In order to protect residents from landslides, it is important not only to implement hard measures, but also to take soft measures such as obtaining information about evacuation and unsettled areas. These are called "non-structural measures " in the field of disaster prevention, and Earth System Science Co., Ltd., consultants contracted by JICA, have been passing on these methods to Sri Lanka's National Building Research Organisation (NBRO). "Get information" refers to analyzing the topography and creating hazard maps. KOIKE Toru of Earth System Science explained, "Initially, NBRO was modifying methods they had established over twenty years, so we weren't certain they would be able to accept our proposal." In fact, while there were hazard maps in Sri Lanka, they were all large-scale, too large to show the risk to individual houses or plots of land. However, NBRO had many engineers who had studied geology, geotechnology, or urban planning, so by explaining the theory using examples from Japan, they were convinced, and soon a mutual understanding was reached.

This pleased KOIKE: "I was amazed to see them create hazard maps covering a wide area based faithfully on the methods we'd taught them. Often, our own work couldn't keep up."

The project is now in its third year, and from here on it will start preparing proper guidelines such as "Evacuation - establishment of an early warning system" and "Don't Settle - the implementation of land use regulations."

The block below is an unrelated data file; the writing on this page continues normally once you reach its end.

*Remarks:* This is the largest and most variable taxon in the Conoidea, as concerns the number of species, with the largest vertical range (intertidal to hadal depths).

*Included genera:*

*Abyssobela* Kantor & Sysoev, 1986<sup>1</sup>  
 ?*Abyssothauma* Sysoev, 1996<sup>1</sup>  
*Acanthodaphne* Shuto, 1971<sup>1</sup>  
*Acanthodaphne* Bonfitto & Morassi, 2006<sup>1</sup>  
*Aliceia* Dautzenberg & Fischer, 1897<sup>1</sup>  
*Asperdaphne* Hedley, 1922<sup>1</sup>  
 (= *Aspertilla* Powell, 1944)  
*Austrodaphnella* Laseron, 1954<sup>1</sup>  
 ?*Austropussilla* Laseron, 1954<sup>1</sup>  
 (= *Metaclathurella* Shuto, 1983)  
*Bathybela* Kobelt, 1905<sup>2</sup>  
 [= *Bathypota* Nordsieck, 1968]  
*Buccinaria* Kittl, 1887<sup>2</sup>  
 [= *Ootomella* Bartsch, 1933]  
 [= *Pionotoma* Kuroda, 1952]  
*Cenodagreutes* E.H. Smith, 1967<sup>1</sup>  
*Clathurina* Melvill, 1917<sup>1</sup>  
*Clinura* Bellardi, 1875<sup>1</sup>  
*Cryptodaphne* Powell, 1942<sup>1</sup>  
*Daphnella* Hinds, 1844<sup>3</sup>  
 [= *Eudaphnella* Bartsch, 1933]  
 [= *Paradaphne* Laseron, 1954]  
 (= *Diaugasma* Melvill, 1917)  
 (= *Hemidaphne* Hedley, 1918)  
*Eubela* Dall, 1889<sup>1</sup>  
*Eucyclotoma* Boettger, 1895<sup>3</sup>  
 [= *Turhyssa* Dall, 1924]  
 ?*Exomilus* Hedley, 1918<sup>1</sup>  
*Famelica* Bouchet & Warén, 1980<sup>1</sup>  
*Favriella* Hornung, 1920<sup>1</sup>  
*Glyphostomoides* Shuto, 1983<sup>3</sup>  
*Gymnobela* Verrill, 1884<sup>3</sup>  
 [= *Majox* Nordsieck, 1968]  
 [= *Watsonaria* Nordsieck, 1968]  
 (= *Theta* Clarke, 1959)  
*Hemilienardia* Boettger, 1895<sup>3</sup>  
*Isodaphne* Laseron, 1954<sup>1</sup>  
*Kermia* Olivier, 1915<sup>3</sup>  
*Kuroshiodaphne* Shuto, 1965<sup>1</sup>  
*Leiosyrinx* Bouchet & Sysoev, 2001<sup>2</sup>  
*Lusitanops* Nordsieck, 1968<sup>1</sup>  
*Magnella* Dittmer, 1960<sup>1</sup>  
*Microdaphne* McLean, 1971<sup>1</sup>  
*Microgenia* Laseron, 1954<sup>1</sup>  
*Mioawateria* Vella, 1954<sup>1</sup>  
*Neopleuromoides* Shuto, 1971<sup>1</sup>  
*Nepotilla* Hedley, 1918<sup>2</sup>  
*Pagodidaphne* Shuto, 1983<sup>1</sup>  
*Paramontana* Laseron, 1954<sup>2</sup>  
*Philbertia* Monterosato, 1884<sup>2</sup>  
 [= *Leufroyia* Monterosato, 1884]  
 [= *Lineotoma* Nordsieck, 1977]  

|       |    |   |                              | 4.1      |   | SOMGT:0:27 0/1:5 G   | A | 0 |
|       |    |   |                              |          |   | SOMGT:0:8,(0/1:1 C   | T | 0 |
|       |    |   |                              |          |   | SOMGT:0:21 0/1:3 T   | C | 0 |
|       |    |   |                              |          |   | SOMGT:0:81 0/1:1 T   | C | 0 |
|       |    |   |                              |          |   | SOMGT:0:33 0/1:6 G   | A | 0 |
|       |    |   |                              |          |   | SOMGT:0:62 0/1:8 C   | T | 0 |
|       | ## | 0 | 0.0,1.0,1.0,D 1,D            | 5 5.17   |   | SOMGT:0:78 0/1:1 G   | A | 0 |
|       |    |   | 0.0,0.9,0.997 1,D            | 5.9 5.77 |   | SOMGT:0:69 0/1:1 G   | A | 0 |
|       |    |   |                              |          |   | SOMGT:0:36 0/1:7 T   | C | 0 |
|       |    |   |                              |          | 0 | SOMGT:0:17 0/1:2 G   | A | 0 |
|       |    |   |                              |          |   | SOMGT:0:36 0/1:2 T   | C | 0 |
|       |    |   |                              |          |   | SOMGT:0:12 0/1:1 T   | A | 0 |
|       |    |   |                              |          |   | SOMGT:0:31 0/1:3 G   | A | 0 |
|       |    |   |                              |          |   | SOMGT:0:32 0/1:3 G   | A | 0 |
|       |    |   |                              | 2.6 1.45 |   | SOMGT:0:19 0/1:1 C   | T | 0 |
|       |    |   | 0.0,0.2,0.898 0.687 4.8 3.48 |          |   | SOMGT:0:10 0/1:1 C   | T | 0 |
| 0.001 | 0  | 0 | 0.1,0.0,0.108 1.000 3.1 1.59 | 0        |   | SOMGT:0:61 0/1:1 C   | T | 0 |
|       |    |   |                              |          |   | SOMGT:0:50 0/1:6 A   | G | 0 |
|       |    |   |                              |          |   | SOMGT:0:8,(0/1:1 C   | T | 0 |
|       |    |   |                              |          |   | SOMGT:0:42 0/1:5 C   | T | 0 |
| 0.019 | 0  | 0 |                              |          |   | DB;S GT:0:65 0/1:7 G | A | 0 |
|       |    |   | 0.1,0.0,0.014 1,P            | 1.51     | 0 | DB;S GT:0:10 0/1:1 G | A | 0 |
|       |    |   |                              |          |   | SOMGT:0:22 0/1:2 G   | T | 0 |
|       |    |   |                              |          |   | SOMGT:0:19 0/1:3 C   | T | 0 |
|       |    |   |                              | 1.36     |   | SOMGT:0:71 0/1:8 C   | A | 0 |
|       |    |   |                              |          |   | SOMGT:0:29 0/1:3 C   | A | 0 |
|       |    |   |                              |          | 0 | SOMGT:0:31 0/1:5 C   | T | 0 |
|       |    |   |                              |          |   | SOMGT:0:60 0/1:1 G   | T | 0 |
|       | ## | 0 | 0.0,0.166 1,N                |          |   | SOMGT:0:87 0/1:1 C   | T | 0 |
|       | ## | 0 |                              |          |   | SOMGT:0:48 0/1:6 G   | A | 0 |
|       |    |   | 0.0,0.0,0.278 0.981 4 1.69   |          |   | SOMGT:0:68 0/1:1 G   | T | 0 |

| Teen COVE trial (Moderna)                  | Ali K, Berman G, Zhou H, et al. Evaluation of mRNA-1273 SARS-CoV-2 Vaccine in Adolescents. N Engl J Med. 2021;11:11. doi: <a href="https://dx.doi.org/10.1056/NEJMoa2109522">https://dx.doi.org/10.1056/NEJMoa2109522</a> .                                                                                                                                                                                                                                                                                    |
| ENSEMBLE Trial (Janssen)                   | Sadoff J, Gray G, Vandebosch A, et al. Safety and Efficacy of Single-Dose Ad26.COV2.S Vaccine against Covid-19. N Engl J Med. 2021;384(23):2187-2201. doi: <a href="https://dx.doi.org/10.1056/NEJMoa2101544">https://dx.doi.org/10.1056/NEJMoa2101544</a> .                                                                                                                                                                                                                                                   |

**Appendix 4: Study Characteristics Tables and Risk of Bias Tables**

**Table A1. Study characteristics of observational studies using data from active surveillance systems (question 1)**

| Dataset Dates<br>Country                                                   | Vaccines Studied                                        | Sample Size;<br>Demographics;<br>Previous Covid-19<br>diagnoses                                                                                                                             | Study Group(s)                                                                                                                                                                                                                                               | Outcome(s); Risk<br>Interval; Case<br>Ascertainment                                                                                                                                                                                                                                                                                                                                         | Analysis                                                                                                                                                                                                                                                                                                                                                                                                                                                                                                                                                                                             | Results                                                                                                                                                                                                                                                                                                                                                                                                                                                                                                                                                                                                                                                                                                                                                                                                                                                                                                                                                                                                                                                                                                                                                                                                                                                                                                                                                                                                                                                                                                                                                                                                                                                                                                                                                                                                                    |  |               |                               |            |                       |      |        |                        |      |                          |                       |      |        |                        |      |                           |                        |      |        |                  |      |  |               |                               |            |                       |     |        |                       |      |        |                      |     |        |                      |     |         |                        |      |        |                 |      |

The desire to protect people from landslides is one shared by both Japan and Sri Lanka, and work on effective measures continues.


Photo"Know the site!"
Field investigation with NBRO staff. Surveying the topology, geology, and land use.

LiDAR-DEM high-precision topological map adopted with JICA support.

PhotoTopological map using LiDAR-DEM

PhotoTopological map from the local survey bureau

PhotoNBRO Director General Dr. Asiri Karunawardena (second from right) provides strong leadership to his staff. He is a good partner for KOIKE and his team.

NBRO Director General Dr. Asiri Karunawardena

Regarding landslides, it is important to assess the risk based on hazard maps, strengthen warning systems and, above all, prevent settlement and development in dangerous areas. NBRO, as a central government agency, aims to make great progress by encouraging local governments to participate in the project.

Offering Nepal Japan's experiences with earthquakes

PhotoKOYAMA Osamu (left), the deputy mayor of Higashi Matsushima City, shared his experiences with Nepalese government officials at many reconstruction seminars.

The earthquake that struck Nepal on April 25, 2015[1] caused severe damage to the country. While working to rebuild houses, schools, and hospitals in the country, JICA is also sharing experiences and lessons learned from the Great East Japan Earthquake with the cooperation of Higashi Matsushima City in Miyagi Prefecture. The City of Higashi Matsushima's knowledge of reconstruction planning through a participatory process that emphasizes consensus-building with residents has given the Nepal Reconstruction Authority and many others involved suggestions on how reconstruction should be carried out, and what role local governments should play.


  • [1] This was a magnitude 7.8 earthquake that struck central-western Nepal. There were 8,790 fatalities, 22,300 injuries, about 510,000 completely destroyed houses, and about 280,000 damaged houses (as of June 2015).